Pricing is US$115//£92/€120
As far as shifting is concerned GX is available with both trigger and gripshift hardware options. The former is a 122g component that looks near enough identical to that of X1 and retains its multi-position mounting bracket and MatchMaker compatibility.
The grip shifter weighs 144g and looks near enough identical to the part that already exists on X01 and XX1 configurations.
Trigger shifter – US$43/£34/€45
Grip shifter – US$52/£42/€54
GX cranks will come in two alloy flavours – the GX1400, a 680g part that makes use of SRAM’s Open Core Technology and a cheaper, simpler, and slightly more portly GX1000 version at 720g. GX cranks are available with a 24mm or 30mm spindle with options to fit PressFit 30, BB30, GXP and PressFit GXP bottom brackets. Compatibility also extends to the new BOOST148 wider axle standard.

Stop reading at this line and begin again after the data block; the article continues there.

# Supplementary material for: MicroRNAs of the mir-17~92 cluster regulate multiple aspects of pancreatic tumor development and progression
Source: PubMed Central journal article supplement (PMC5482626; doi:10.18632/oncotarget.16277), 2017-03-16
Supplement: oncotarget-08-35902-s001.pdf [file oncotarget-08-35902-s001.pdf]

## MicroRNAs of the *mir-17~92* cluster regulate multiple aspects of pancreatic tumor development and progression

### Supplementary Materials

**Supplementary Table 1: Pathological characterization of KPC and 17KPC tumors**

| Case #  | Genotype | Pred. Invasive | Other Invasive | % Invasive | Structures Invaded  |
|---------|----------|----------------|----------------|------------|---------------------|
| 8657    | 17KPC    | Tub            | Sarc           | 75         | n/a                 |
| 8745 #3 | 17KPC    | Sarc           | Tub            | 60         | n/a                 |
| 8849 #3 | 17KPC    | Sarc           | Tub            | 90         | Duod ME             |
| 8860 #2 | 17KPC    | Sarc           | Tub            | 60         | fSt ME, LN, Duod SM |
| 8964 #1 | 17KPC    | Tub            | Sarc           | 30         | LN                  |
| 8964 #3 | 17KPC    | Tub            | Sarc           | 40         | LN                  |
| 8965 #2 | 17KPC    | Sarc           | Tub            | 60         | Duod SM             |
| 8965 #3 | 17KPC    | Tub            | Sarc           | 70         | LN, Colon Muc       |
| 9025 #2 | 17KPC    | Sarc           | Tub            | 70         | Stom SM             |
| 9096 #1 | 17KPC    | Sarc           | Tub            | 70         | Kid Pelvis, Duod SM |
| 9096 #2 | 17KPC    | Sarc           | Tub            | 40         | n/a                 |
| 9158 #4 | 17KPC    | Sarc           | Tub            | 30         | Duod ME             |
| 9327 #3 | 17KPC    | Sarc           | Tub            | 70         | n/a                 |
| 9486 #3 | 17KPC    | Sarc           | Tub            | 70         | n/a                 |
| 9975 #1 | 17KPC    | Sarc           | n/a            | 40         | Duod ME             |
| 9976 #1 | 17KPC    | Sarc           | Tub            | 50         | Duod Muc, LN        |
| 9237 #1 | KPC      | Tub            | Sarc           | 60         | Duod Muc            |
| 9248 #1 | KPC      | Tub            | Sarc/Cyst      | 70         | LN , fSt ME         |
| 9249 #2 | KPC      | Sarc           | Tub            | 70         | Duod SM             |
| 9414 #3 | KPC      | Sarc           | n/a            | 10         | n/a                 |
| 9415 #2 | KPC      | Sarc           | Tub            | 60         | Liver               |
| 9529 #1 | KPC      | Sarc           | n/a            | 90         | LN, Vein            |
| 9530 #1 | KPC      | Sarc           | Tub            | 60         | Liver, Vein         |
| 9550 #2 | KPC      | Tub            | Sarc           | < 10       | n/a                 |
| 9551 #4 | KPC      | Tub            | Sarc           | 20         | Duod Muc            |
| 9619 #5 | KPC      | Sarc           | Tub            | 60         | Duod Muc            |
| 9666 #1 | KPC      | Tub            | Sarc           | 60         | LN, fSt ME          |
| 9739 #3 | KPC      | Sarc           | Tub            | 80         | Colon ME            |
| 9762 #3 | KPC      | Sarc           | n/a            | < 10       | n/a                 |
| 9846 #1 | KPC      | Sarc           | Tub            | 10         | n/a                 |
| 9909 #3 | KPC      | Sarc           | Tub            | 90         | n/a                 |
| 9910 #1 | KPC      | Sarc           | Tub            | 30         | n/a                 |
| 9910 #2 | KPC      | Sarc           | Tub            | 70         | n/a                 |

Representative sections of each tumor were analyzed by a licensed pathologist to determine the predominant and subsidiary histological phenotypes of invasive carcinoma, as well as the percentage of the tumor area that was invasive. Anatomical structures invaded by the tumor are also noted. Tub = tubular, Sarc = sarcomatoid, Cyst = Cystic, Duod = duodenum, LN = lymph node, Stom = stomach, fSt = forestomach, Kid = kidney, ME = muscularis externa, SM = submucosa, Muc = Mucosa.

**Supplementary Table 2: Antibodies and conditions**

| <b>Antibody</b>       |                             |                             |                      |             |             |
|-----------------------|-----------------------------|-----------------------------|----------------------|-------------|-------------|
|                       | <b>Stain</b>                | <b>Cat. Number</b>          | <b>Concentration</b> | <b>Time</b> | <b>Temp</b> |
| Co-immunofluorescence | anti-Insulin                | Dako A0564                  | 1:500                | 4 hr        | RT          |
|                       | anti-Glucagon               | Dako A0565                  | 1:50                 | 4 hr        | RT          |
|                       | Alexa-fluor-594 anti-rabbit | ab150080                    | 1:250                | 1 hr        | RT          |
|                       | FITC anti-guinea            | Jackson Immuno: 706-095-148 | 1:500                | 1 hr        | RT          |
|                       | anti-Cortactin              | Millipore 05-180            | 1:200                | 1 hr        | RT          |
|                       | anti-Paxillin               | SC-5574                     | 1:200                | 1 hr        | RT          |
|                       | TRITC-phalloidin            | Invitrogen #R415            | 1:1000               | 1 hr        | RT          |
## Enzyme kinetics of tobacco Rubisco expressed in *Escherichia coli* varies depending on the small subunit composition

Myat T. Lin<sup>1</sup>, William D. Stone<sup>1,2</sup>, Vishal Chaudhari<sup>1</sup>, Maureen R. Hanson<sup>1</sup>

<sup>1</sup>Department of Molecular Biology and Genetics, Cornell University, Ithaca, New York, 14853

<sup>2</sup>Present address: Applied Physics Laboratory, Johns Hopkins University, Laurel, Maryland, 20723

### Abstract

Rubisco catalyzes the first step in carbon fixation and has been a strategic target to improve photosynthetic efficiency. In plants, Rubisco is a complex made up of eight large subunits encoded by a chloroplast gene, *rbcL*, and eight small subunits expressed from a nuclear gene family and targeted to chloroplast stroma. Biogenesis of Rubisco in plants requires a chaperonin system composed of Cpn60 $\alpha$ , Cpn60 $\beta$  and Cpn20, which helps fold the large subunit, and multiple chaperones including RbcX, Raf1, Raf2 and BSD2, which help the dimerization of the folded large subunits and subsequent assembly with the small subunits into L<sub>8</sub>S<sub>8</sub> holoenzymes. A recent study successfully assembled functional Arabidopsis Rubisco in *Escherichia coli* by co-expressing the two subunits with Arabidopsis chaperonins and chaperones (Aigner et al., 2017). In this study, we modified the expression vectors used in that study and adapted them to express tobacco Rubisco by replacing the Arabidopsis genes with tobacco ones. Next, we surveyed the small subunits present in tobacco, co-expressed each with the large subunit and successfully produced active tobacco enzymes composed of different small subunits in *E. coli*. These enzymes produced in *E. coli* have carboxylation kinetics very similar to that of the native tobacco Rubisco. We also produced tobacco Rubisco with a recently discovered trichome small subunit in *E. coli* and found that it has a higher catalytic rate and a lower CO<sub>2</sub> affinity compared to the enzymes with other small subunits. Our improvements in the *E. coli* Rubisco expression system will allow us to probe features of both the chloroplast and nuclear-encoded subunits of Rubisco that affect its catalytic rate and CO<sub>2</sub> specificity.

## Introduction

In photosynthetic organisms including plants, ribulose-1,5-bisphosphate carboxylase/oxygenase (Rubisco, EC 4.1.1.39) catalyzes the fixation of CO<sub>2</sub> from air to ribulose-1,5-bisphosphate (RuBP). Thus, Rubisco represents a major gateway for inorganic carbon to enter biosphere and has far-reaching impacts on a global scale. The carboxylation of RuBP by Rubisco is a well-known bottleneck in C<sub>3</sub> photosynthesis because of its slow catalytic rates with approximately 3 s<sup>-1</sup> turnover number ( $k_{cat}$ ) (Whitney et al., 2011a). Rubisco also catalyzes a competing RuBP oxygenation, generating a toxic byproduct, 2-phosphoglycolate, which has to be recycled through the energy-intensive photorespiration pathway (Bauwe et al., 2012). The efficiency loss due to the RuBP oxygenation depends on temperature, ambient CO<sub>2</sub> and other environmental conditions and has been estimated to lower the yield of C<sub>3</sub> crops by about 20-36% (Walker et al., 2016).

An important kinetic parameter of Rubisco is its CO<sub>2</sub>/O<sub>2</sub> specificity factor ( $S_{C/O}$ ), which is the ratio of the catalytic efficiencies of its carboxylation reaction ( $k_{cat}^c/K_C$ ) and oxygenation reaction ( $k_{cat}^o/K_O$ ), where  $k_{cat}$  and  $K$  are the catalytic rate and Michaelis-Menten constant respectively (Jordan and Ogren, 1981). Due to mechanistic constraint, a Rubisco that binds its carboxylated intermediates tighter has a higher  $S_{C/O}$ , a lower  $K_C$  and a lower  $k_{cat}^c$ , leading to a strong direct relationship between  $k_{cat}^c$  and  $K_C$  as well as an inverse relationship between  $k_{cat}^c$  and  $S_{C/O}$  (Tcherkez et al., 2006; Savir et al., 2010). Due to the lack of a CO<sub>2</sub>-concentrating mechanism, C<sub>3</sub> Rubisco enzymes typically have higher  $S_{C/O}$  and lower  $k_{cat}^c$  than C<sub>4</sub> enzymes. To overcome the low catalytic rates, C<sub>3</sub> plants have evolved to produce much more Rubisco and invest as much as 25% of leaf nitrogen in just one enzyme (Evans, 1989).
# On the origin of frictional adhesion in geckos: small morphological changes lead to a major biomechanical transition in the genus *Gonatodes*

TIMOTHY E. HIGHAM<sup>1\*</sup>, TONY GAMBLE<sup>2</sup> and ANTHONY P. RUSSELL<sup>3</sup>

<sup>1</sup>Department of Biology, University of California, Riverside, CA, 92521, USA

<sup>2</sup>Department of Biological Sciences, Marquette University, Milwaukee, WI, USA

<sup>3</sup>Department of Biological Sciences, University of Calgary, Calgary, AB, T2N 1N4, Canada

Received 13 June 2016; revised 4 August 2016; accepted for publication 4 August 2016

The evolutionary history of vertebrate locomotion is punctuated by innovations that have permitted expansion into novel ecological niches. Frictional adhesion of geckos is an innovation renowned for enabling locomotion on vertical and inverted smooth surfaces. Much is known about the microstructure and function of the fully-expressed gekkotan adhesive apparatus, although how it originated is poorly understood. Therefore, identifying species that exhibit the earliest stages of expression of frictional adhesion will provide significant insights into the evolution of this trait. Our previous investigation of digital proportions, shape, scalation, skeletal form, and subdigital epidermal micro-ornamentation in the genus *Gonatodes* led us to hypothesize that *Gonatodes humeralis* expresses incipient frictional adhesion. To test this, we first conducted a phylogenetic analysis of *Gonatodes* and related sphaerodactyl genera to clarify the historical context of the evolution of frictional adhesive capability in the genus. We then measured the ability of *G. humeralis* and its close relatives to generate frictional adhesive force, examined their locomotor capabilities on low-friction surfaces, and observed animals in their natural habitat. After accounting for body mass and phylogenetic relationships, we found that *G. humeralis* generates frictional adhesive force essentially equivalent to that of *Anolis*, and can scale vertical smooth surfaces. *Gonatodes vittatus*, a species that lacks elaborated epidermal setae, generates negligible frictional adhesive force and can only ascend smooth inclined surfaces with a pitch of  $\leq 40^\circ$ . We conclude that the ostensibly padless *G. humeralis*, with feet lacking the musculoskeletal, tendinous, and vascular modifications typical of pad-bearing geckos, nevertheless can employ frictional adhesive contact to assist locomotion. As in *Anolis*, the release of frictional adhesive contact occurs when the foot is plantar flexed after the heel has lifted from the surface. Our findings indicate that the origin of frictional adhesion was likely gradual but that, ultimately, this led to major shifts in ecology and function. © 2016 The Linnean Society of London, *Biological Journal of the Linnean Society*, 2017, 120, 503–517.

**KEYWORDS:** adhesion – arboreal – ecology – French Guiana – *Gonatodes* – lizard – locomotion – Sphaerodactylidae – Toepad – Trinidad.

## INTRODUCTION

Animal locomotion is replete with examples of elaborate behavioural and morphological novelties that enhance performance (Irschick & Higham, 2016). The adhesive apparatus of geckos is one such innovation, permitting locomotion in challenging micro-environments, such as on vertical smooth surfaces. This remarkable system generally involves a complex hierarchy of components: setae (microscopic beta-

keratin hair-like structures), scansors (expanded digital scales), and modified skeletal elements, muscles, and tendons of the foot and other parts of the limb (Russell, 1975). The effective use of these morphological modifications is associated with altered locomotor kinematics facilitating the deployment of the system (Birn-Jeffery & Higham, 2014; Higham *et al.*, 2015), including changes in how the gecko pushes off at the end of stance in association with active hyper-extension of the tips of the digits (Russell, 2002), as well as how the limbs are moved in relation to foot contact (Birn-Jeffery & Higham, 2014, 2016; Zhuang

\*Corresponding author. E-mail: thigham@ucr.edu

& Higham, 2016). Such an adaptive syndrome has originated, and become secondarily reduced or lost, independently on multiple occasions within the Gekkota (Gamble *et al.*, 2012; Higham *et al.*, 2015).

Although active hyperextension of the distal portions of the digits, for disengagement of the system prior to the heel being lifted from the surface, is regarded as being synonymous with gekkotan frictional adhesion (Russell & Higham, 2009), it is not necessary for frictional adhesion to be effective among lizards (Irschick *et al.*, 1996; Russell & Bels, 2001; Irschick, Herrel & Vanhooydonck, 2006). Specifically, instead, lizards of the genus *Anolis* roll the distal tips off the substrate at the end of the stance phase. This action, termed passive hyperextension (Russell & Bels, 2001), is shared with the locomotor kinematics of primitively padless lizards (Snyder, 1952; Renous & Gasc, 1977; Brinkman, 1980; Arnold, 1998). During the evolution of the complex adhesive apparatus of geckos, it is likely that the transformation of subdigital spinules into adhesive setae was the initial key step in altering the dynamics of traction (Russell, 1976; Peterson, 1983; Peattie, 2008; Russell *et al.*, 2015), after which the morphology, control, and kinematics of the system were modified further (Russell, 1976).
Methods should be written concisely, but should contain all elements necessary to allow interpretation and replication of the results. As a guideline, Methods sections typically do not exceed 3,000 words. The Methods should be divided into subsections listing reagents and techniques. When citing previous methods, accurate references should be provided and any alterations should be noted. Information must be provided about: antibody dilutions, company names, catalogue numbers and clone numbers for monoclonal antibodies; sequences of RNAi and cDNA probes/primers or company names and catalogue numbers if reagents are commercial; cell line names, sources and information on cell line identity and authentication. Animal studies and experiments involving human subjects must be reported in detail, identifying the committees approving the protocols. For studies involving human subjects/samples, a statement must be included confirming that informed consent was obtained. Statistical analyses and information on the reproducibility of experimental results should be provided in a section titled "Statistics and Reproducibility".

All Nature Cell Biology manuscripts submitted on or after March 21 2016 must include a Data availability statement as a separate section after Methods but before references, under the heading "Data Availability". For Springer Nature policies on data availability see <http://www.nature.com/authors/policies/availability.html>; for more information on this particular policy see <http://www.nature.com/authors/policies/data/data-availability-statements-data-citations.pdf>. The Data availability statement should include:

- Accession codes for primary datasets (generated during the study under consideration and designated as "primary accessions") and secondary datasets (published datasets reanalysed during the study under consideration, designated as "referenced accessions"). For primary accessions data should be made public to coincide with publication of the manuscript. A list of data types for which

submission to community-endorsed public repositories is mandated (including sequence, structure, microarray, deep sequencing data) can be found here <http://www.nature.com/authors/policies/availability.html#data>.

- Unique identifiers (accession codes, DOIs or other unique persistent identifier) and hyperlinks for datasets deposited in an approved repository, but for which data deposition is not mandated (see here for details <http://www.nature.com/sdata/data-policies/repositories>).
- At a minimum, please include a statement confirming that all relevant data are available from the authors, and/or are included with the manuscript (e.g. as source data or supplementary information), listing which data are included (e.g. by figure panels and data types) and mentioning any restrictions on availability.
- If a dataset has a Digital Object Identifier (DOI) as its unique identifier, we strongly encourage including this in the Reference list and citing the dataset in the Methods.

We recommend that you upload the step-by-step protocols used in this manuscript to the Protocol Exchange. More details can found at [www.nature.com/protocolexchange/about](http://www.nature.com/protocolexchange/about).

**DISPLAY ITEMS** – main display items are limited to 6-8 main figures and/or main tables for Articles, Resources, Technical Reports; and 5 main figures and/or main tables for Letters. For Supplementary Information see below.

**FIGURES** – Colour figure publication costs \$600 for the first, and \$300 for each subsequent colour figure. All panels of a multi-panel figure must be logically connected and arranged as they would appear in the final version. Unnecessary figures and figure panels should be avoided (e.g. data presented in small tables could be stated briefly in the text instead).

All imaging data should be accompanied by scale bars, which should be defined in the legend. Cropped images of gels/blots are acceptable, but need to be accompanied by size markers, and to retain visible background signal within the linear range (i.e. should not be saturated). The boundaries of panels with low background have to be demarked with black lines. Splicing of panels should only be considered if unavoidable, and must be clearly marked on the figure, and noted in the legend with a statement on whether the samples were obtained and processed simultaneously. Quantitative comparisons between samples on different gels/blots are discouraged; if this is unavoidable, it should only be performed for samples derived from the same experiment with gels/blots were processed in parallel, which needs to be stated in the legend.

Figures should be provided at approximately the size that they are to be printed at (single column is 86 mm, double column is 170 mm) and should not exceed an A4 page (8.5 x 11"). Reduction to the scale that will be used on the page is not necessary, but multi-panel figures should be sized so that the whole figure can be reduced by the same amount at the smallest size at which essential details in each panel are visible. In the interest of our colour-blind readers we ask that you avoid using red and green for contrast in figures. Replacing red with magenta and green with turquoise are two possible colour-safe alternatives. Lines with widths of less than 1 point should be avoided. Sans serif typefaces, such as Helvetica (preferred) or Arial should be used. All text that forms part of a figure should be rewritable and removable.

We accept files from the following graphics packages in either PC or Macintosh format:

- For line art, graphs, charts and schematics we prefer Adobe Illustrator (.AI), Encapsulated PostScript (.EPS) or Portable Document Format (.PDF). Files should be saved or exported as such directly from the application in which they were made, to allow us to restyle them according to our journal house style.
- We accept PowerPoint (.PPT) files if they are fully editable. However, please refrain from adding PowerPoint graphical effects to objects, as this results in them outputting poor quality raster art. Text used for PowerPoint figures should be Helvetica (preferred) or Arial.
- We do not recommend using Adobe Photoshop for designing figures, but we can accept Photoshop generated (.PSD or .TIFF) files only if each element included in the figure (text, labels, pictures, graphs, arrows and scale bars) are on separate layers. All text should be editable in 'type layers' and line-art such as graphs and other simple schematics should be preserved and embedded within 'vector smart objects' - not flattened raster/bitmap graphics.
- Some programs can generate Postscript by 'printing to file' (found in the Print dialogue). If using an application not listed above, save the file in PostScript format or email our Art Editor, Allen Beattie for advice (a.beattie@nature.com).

From US$120/£96/€125 to US$225/£180/€235 depending on configuration
SRAM has chosen to use the same 258g 11-speed solid pin chain as debuted in its X1 drivetrain.
Pricing is $37/£27.99/€33
1x11 GX group weight comparison
XX1 claimed weight (g)
X01 claimed weight (g)
X1 claimed weight (g)
GX claimed weight (g)
GX is also available as a 2x11 transmission with two levels of double cranks, a front derailleur with several mounting options plus a dedicated double rear derailleur and the same cassette as the 1x11 group. It’s available with either trigger or grip shifters.
Prices for the 2x11 group are as follows:
GX1400 2x11 trigger shifter US$661/€689/£529
GX1400 2x11 grip shifter US$677/€705/£542
SRAM also offers GX in a 2x10 option, this time with only one crank option, a different derailleur design and no grip shift option. GX 2x10 arrives with a choice of two regular range 10-speed cassettes. To easily distinguish the 10-speed kit SRAM has dropped the red accents that you’ll find on other GX parts. A complete 2x10 GX groupset will retail for US$511/€534/£408